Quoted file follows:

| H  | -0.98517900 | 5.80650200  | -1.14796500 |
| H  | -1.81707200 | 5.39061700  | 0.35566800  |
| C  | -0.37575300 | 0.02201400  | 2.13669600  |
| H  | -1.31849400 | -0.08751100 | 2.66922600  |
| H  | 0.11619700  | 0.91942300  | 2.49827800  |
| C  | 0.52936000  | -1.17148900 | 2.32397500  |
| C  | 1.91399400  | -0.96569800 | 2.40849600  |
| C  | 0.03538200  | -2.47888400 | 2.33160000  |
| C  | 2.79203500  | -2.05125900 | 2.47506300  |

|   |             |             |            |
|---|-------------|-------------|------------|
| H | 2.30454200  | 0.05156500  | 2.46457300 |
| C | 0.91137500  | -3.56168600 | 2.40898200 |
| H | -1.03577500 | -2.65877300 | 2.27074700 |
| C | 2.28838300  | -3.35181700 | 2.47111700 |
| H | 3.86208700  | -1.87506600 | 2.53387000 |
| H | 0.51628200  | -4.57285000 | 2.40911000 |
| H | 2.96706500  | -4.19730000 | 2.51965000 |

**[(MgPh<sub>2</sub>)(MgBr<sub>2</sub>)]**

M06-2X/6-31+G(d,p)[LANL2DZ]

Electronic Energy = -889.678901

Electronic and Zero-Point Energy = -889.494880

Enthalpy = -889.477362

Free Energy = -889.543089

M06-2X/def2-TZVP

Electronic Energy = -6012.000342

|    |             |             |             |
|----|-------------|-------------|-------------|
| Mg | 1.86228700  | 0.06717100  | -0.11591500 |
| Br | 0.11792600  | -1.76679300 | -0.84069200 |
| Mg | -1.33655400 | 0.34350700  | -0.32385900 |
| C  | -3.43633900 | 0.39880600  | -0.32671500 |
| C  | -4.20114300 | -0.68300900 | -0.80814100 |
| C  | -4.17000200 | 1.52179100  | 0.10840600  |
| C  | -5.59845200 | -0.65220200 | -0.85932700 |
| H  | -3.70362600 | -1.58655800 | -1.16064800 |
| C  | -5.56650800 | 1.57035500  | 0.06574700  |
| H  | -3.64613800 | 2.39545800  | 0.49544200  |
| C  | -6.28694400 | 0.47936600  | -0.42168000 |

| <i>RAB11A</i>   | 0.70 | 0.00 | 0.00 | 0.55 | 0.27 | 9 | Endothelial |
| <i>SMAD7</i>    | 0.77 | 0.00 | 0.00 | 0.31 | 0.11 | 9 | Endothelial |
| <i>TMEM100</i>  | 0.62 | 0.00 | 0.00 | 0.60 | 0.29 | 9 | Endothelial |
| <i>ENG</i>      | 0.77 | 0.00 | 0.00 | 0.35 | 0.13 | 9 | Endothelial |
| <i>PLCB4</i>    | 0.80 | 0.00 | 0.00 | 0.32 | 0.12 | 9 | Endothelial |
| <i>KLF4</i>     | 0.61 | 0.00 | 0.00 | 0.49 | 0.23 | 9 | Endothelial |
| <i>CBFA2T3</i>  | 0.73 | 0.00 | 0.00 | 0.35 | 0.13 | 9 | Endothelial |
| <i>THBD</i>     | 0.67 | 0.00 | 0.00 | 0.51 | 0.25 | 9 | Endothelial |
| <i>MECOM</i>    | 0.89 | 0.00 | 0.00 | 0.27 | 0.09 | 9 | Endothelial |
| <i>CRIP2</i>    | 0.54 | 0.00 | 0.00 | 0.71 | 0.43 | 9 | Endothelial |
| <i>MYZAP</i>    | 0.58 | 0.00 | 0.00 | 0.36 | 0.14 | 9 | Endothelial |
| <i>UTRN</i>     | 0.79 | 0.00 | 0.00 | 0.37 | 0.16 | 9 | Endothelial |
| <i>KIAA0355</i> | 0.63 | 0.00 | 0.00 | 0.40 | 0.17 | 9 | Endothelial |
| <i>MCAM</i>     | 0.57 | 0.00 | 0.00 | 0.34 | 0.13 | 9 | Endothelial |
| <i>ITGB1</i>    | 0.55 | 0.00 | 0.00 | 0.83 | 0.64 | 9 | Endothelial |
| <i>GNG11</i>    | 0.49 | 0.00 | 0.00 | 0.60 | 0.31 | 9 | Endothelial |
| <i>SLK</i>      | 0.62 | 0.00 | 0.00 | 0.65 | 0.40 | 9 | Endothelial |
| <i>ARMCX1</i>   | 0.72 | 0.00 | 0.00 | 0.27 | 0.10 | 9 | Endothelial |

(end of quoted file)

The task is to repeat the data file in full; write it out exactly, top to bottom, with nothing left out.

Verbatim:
| H  | -0.98517900 | 5.80650200  | -1.14796500 |
| H  | -1.81707200 | 5.39061700  | 0.35566800  |
| C  | -0.37575300 | 0.02201400  | 2.13669600  |
| H  | -1.31849400 | -0.08751100 | 2.66922600  |
| H  | 0.11619700  | 0.91942300  | 2.49827800  |
| C  | 0.52936000  | -1.17148900 | 2.32397500  |
| C  | 1.91399400  | -0.96569800 | 2.40849600  |
| C  | 0.03538200  | -2.47888400 | 2.33160000  |
| C  | 2.79203500  | -2.05125900 | 2.47506300  |

|   |             |             |            |
|---|-------------|-------------|------------|
| H | 2.30454200  | 0.05156500  | 2.46457300 |
| C | 0.91137500  | -3.56168600 | 2.40898200 |
| H | -1.03577500 | -2.65877300 | 2.27074700 |
| C | 2.28838300  | -3.35181700 | 2.47111700 |
| H | 3.86208700  | -1.87506600 | 2.53387000 |
| H | 0.51628200  | -4.57285000 | 2.40911000 |
| H | 2.96706500  | -4.19730000 | 2.51965000 |

**[(MgPh<sub>2</sub>)(MgBr<sub>2</sub>)]**

M06-2X/6-31+G(d,p)[LANL2DZ]

Electronic Energy = -889.678901

Electronic and Zero-Point Energy = -889.494880

Enthalpy = -889.477362

Free Energy = -889.543089

M06-2X/def2-TZVP

Electronic Energy = -6012.000342

|    |             |             |             |
|----|-------------|-------------|-------------|
| Mg | 1.86228700  | 0.06717100  | -0.11591500 |
| Br | 0.11792600  | -1.76679300 | -0.84069200 |
| Mg | -1.33655400 | 0.34350700  | -0.32385900 |
| C  | -3.43633900 | 0.39880600  | -0.32671500 |
| C  | -4.20114300 | -0.68300900 | -0.80814100 |
| C  | -4.17000200 | 1.52179100  | 0.10840600  |
| C  | -5.59845200 | -0.65220200 | -0.85932700 |
| H  | -3.70362600 | -1.58655800 | -1.16064800 |
| C  | -5.56650800 | 1.57035500  | 0.06574700  |
| H  | -3.64613800 | 2.39545800  | 0.49544200  |
| C  | -6.28694400 | 0.47936600  | -0.42168000 |

| <i>RAB11A</i>   | 0.70 | 0.00 | 0.00 | 0.55 | 0.27 | 9 | Endothelial |
| <i>SMAD7</i>    | 0.77 | 0.00 | 0.00 | 0.31 | 0.11 | 9 | Endothelial |
| <i>TMEM100</i>  | 0.62 | 0.00 | 0.00 | 0.60 | 0.29 | 9 | Endothelial |
| <i>ENG</i>      | 0.77 | 0.00 | 0.00 | 0.35 | 0.13 | 9 | Endothelial |
| <i>PLCB4</i>    | 0.80 | 0.00 | 0.00 | 0.32 | 0.12 | 9 | Endothelial |
| <i>KLF4</i>     | 0.61 | 0.00 | 0.00 | 0.49 | 0.23 | 9 | Endothelial |
| <i>CBFA2T3</i>  | 0.73 | 0.00 | 0.00 | 0.35 | 0.13 | 9 | Endothelial |
| <i>THBD</i>     | 0.67 | 0.00 | 0.00 | 0.51 | 0.25 | 9 | Endothelial |
| <i>MECOM</i>    | 0.89 | 0.00 | 0.00 | 0.27 | 0.09 | 9 | Endothelial |
| <i>CRIP2</i>    | 0.54 | 0.00 | 0.00 | 0.71 | 0.43 | 9 | Endothelial |
| <i>MYZAP</i>    | 0.58 | 0.00 | 0.00 | 0.36 | 0.14 | 9 | Endothelial |
| <i>UTRN</i>     | 0.79 | 0.00 | 0.00 | 0.37 | 0.16 | 9 | Endothelial |
| <i>KIAA0355</i> | 0.63 | 0.00 | 0.00 | 0.40 | 0.17 | 9 | Endothelial |
| <i>MCAM</i>     | 0.57 | 0.00 | 0.00 | 0.34 | 0.13 | 9 | Endothelial |
| <i>ITGB1</i>    | 0.55 | 0.00 | 0.00 | 0.83 | 0.64 | 9 | Endothelial |
| <i>GNG11</i>    | 0.49 | 0.00 | 0.00 | 0.60 | 0.31 | 9 | Endothelial |
| <i>SLK</i>      | 0.62 | 0.00 | 0.00 | 0.65 | 0.40 | 9 | Endothelial |
| <i>ARMCX1</i>   | 0.72 | 0.00 | 0.00 | 0.27 | 0.10 | 9 | Endothelial |